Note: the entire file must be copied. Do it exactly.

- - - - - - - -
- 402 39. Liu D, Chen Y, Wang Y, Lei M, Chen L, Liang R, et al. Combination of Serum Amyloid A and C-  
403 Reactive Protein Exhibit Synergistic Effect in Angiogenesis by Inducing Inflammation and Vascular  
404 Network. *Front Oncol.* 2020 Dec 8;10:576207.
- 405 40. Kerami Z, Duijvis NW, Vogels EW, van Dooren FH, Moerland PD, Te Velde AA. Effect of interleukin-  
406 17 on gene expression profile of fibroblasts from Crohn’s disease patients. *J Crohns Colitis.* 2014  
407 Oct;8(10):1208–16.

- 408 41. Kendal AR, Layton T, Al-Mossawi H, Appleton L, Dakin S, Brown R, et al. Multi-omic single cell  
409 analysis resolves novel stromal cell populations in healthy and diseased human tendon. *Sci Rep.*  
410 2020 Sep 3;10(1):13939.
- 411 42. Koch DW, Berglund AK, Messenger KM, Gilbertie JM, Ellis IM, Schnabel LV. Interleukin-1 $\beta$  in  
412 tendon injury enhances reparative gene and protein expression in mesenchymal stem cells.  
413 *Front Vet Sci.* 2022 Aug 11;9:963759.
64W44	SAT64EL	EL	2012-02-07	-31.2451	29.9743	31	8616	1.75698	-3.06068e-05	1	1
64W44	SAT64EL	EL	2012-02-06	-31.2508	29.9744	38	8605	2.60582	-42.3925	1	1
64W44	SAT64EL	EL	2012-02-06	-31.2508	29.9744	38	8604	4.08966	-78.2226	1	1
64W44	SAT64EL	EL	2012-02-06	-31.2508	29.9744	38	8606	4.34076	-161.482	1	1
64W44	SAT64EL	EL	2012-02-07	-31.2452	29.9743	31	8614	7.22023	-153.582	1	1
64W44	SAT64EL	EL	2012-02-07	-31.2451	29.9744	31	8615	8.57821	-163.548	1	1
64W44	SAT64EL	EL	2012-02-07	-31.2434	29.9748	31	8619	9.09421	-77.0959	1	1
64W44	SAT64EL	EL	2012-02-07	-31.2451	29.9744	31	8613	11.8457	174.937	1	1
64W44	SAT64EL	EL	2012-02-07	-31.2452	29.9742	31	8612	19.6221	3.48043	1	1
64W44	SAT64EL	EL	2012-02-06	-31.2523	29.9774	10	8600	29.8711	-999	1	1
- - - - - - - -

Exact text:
- 402 39. Liu D, Chen Y, Wang Y, Lei M, Chen L, Liang R, et al. Combination of Serum Amyloid A and C-  
403 Reactive Protein Exhibit Synergistic Effect in Angiogenesis by Inducing Inflammation and Vascular  
404 Network. *Front Oncol.* 2020 Dec 8;10:576207.
- 405 40. Kerami Z, Duijvis NW, Vogels EW, van Dooren FH, Moerland PD, Te Velde AA. Effect of interleukin-  
406 17 on gene expression profile of fibroblasts from Crohn’s disease patients. *J Crohns Colitis.* 2014  
407 Oct;8(10):1208–16.

- 408 41. Kendal AR, Layton T, Al-Mossawi H, Appleton L, Dakin S, Brown R, et al. Multi-omic single cell  
409 analysis resolves novel stromal cell populations in healthy and diseased human tendon. *Sci Rep.*  
410 2020 Sep 3;10(1):13939.
- 411 42. Koch DW, Berglund AK, Messenger KM, Gilbertie JM, Ellis IM, Schnabel LV. Interleukin-1 $\beta$  in  
412 tendon injury enhances reparative gene and protein expression in mesenchymal stem cells.  
413 *Front Vet Sci.* 2022 Aug 11;9:963759.
64W44	SAT64EL	EL	2012-02-07	-31.2451	29.9743	31	8616	1.75698	-3.06068e-05	1	1
64W44	SAT64EL	EL	2012-02-06	-31.2508	29.9744	38	8605	2.60582	-42.3925	1	1
64W44	SAT64EL	EL	2012-02-06	-31.2508	29.9744	38	8604	4.08966	-78.2226	1	1
64W44	SAT64EL	EL	2012-02-06	-31.2508	29.9744	38	8606	4.34076	-161.482	1	1
64W44	SAT64EL	EL	2012-02-07	-31.2452	29.9743	31	8614	7.22023	-153.582	1	1
64W44	SAT64EL	EL	2012-02-07	-31.2451	29.9744	31	8615	8.57821	-163.548	1	1
64W44	SAT64EL	EL	2012-02-07	-31.2434	29.9748	31	8619	9.09421	-77.0959	1	1
64W44	SAT64EL	EL	2012-02-07	-31.2451	29.9744	31	8613	11.8457	174.937	1	1
64W44	SAT64EL	EL	2012-02-07	-31.2452	29.9742	31	8612	19.6221	3.48043	1	1
64W44	SAT64EL	EL	2012-02-06	-31.2523	29.9774	10	8600	29.8711	-999	1	1